All the other main components worked great, the SD “black box” style logger has resulted in a significant amount of data being logged – I am now trawling through it all and I hope to have some nice graphics soon(ish). One interesting fact so far – the coldest temperature recorded during the flight was -63.1C!! That makes our -5C temp look strangely warm!
Keep tuned as in the next few days/weeks I’ll be providing a full analysis of the launch and hopefully producing some nice graphics.
For now – I’m very pleased with how it all went considering what could’ve gone wrong. If you have any questions please do drop me a comment below or email me or pop on the IRC #highaltitude
Well – what a frantic few days it has been… I’ll give a brief run through as the payload still need completing!
Wednesday afternoon: I was on the IRC and David Akerman (daveake) posted a link for the prediction for his launch this Saturday. It looked like a good prediction, so I decided to run one from my launch site; no intention at this stage to launch. It turned out to be a great prediction, actually landing in this country (the previous weeks had been landing in France or beyond!). There were two big issues at this point: 1) The payload wasn’t even completed and there were still some nasty bugs present in the code. 2) I didn’t have permission to launch.
After a quick call to the CAA I managed to obtain permission for this weekend (4th/5th Feb) – many thanks to David Miller at the CAA for getting this sorted in such short notice. As of yesterday evening, I now have permission to launch. The next big hurdle was getting the payload completed on time. Despite the huge number of hours I had put in the past 2 weeks, it still wasn’t stable – albeit a rather buggy beta version.
Over the last day and a bit I’ve fixed all the bugs I can see and built most of the payload stuff. Yesterday I ran a full systems check and everything worked apart from the camera – oh no, not this again… (you’ll probably remember that HABE1 was plagued by complete camera failure). This however, wasn’t linked to the HABE1 bug. Initially I thought it was a software issue as I’m running a modified version of CHDK that allows me to switch between photos and video (risky, I know..). However, it appears to be it was actually a failure of the alkaline batteries due to the cold temps outside. This meant I only got around 100 photos (only the 1st 30mins of flight) before the batteries conked out. For the flight I will be using lithiums which have a much better tolerance to cold temperatures thankfully… As I’m writing this the camera is outside with lithiums in running a final check. If it’s all positive then it gets the clearance to fly from me!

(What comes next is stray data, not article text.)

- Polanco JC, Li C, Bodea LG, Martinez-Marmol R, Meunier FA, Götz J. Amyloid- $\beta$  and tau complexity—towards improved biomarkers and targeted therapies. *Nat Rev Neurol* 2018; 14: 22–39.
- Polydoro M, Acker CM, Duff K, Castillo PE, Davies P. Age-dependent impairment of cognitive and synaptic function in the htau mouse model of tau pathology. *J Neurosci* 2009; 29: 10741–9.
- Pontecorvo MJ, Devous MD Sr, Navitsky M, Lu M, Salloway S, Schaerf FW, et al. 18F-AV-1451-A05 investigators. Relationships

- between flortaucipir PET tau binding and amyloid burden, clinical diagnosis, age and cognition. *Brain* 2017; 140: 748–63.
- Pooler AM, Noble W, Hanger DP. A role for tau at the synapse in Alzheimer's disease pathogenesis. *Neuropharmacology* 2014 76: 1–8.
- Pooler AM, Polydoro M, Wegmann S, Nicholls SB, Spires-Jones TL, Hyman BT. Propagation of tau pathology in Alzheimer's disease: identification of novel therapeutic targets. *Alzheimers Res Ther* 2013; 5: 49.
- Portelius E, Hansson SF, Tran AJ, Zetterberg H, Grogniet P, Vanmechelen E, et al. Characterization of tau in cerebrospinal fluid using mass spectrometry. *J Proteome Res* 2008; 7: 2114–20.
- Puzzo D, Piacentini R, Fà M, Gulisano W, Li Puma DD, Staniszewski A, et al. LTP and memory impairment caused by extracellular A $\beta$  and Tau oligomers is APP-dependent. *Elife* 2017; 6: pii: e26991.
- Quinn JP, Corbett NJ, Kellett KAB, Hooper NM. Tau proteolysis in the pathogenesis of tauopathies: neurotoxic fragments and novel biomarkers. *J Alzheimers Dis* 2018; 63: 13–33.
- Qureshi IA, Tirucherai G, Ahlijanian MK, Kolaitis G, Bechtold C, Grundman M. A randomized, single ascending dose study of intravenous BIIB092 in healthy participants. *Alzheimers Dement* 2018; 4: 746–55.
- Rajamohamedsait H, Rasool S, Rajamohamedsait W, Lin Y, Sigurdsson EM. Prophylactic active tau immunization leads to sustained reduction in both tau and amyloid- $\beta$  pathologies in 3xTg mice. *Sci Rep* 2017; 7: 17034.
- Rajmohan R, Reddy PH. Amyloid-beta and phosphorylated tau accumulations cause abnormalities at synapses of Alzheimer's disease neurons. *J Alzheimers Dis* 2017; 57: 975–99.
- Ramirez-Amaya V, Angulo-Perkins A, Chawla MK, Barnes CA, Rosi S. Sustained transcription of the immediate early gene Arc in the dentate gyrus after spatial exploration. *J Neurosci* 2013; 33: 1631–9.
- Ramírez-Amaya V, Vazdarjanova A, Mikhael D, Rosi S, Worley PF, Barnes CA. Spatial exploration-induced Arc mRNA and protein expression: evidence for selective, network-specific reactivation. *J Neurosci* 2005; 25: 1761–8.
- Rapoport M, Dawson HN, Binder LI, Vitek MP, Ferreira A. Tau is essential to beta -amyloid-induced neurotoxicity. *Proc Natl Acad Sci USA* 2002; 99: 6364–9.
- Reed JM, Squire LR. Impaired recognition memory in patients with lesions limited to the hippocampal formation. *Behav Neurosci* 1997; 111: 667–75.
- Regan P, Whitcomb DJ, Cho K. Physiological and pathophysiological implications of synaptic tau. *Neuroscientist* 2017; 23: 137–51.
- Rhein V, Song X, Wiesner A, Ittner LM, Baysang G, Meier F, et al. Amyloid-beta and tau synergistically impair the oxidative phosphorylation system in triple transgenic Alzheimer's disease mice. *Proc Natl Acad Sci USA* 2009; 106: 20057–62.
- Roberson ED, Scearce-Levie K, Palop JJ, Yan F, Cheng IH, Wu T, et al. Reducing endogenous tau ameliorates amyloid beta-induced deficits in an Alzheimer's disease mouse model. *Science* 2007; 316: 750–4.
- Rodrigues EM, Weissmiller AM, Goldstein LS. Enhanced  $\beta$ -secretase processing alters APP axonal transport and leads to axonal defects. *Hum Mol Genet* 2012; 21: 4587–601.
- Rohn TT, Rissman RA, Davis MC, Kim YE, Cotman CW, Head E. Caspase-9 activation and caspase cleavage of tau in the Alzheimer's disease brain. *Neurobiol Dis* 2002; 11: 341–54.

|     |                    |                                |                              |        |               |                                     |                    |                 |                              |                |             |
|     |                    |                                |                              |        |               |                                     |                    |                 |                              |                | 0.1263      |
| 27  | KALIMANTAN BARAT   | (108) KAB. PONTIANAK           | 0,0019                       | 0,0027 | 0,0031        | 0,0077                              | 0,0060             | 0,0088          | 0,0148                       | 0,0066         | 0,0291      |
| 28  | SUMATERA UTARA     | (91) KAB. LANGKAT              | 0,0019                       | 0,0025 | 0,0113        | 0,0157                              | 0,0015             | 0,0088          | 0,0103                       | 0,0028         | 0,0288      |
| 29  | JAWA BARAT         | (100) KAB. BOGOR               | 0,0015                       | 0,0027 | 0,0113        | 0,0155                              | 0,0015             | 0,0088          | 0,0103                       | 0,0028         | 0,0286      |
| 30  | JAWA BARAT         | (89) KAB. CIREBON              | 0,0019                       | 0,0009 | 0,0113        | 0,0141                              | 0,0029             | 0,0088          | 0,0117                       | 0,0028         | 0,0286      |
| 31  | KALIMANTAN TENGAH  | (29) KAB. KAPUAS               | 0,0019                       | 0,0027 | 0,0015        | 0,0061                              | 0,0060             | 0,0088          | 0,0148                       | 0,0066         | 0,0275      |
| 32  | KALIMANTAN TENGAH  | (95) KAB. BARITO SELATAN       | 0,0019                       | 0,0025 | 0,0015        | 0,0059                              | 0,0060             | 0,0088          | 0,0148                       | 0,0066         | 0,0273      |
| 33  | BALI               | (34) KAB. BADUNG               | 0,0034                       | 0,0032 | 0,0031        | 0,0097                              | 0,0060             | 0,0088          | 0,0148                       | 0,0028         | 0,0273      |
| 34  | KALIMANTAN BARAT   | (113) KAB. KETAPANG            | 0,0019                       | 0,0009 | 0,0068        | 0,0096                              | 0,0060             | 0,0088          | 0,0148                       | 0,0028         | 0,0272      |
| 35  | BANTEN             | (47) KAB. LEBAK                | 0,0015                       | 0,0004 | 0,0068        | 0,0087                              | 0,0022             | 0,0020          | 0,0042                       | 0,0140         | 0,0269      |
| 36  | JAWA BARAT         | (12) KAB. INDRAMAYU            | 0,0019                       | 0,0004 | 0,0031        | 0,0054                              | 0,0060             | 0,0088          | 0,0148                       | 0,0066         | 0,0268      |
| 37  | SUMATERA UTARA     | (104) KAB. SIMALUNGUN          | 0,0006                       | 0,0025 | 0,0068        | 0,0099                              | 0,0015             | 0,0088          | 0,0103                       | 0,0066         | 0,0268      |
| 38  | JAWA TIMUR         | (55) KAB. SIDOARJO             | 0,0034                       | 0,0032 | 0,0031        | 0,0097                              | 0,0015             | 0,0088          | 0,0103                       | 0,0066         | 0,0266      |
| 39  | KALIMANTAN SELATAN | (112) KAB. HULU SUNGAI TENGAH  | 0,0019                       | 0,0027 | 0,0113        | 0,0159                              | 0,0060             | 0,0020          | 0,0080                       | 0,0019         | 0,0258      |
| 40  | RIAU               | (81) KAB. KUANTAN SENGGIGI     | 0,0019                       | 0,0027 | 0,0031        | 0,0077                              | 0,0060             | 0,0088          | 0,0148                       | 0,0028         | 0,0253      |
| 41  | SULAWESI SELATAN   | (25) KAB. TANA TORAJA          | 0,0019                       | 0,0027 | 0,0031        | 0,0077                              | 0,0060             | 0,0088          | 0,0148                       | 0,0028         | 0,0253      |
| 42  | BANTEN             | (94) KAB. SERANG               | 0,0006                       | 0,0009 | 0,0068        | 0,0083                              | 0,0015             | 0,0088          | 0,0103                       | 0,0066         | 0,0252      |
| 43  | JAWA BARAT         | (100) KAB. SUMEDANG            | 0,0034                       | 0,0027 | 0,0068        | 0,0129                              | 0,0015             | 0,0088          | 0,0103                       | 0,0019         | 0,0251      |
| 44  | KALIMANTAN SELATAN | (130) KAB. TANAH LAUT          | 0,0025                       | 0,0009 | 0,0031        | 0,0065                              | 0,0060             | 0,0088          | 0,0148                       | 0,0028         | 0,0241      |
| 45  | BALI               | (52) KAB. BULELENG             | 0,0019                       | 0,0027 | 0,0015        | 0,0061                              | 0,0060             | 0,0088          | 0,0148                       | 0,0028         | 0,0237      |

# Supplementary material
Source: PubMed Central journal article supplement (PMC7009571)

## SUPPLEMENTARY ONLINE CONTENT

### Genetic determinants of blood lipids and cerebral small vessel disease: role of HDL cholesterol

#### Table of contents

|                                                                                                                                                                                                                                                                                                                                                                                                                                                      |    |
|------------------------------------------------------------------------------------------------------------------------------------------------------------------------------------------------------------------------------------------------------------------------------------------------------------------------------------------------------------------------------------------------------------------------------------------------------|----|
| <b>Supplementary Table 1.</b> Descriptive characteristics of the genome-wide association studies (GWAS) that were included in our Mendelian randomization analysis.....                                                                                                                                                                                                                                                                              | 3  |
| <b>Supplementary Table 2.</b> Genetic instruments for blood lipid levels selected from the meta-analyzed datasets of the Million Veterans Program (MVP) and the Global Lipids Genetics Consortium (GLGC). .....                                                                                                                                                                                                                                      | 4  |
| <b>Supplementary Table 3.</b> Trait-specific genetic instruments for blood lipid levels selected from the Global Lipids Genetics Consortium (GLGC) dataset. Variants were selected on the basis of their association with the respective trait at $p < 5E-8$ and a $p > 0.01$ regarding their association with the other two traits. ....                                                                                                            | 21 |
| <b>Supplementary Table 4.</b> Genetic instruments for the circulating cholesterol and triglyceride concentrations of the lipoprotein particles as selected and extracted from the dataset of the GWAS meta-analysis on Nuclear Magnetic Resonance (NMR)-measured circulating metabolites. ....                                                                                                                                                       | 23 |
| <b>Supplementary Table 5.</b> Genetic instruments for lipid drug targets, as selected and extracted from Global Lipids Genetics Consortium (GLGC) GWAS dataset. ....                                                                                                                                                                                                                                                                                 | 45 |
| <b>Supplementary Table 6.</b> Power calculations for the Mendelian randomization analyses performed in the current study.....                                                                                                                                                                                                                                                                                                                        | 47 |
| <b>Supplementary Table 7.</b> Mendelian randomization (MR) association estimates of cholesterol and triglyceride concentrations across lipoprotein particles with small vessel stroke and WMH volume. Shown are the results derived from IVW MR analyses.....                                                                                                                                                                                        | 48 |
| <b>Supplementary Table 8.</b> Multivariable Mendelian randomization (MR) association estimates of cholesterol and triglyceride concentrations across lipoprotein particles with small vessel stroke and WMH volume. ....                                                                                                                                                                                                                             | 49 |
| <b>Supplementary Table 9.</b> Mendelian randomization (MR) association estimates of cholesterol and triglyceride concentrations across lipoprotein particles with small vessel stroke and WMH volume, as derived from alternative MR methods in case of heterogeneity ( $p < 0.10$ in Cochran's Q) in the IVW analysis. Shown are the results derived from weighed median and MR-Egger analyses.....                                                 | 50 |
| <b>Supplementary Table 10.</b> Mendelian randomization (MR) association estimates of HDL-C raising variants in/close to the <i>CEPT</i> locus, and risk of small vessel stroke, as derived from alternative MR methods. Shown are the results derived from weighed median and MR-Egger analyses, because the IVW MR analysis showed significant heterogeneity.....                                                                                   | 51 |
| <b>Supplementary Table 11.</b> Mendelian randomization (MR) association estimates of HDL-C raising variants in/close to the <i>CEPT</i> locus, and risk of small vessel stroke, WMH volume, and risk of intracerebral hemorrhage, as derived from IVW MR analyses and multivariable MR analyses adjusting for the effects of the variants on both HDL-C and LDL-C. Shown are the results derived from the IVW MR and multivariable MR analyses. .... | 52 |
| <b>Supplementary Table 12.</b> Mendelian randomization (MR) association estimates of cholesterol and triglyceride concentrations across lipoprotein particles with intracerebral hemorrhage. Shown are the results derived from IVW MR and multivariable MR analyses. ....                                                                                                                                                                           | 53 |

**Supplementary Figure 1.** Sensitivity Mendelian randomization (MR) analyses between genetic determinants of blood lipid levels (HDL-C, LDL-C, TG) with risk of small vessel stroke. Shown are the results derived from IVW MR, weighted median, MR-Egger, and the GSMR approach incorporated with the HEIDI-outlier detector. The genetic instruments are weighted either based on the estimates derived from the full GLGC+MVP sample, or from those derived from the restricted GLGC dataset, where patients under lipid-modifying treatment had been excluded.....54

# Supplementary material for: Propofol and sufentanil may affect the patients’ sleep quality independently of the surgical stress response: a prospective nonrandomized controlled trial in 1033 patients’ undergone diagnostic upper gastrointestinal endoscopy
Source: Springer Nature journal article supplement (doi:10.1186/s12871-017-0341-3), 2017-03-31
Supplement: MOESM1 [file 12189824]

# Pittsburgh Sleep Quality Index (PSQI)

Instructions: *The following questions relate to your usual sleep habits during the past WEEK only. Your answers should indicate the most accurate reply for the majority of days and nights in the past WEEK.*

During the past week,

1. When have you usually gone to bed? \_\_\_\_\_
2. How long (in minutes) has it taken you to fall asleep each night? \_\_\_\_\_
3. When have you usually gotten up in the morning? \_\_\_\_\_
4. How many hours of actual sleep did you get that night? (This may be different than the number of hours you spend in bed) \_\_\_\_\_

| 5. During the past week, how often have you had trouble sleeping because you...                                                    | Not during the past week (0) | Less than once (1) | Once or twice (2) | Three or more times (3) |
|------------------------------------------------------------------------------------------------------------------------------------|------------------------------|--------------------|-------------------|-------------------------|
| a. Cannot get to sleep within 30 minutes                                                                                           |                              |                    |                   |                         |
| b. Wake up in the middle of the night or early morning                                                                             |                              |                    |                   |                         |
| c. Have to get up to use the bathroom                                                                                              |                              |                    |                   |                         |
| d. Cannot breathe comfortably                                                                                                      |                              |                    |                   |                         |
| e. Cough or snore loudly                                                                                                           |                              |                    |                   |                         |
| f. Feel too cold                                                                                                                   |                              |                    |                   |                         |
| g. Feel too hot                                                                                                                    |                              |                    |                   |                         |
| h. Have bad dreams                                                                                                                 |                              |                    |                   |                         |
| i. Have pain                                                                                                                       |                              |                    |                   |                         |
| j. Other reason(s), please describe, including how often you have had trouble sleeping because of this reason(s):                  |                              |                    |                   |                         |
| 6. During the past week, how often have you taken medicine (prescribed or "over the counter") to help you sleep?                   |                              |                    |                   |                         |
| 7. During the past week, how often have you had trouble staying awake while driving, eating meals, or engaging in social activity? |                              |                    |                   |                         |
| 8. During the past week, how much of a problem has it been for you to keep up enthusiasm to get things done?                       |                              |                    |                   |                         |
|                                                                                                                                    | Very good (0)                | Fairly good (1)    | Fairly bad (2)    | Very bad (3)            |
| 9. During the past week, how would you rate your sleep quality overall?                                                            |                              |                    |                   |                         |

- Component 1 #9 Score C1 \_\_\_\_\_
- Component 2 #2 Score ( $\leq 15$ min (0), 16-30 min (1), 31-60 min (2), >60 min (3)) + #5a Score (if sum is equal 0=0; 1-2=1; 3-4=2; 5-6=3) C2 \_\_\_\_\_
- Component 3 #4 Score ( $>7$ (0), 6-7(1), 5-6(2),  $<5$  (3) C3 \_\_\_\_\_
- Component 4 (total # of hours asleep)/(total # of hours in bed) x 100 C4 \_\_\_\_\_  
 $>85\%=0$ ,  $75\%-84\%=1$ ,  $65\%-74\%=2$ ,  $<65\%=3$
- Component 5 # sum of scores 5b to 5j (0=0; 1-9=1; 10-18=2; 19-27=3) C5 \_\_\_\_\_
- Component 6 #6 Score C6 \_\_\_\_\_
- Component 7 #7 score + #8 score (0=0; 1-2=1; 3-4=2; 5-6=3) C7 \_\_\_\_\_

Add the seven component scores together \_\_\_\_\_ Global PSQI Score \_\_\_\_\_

Lastly, I’ve just finished soldering all the solar panel logging equip up; I just need to pop the flight board in and solder up all the antennas (not an easy job at all). After – final checks, then time to pack the car for tomorrow.
The current prediction is ok – not great – but ok. I’ll be monitoring this throughout the day and tomorrow morning.
What’s new/updated on HABE2:
- Software rewrite – this has resulted in a fair few bugs as I didn’t test as I was going along (mistake), though it’s resulted in a more efficient and readable software
- Swapped old temperature sensors out for newer high precision ones
- Uplink is present – simply to test range (let me add at this point I’m not expecting great range)
- Camera now takes video as well as photos
- “Black box” present on the flight – SD card logging system should log everything for review after the flight
- Cutdown module – this can be activated via uplink and is automated by the flight computer should the payload stray outside a “safe” area
- Solar panels – 2 high performance small solar panels present; I’ll be logging data using two different loads.
- Launch site: Ombersley, Worcester.
- Estimated time of launch: 11am GMT (setting up around 10am)
- Flight time: approx 2.5hrs
- Check here, twitter (@adamcudworth) or the IRC for the most up to date information regarding the launch. If you would like to come along to the launch please drop me a line either by email or the IRC (#highaltitude and my nickname: cuddykid).
- Track the balloon live during the flight here
- I would really appreciated any help – whether it’s turning up to help out with setup/launch, or helping track by listening in – thanks!
Hopefully the launch will be underway within 24hours! Over and out…
Just a brief update regarding HABE 2:
I have just sent off for permission to launch the balloon from the CAA. I have specified the last weekend in February and the first 2 weekends in March. I have two main doubts currently:
1) Will I complete the payload on time. There is still a LOT to do and none of the code that I have written has been fully tested yet. If a fairly major bug is present in the code then it will require a significant amount of time debugging.
2) Wind conditions – It’s a very windy time of the year and the high altitude winds tend to blow in the wrong direction (west to east) at this time of the year. Hopefully they’ll be fine for given dates *fingers crossed*.
A note on the side; if you haven’t already noticed there is now a brand new page called “Checklist” where you can track my progress. “Check” it out ;)…. (it’s in the toolbar at the top if you can’t find it!).
It’s been a long time since I last updated the blog so here’s a quick update as to what’s happening with HABE 2:
The code for the next flight is being mostly rewritten aiming to make it more efficient and easier to read/adjust where necessary. A few weeks back I spent a significant amount of time on the code and as a result it is near completion. There are still however a few more additions and tweaks needed.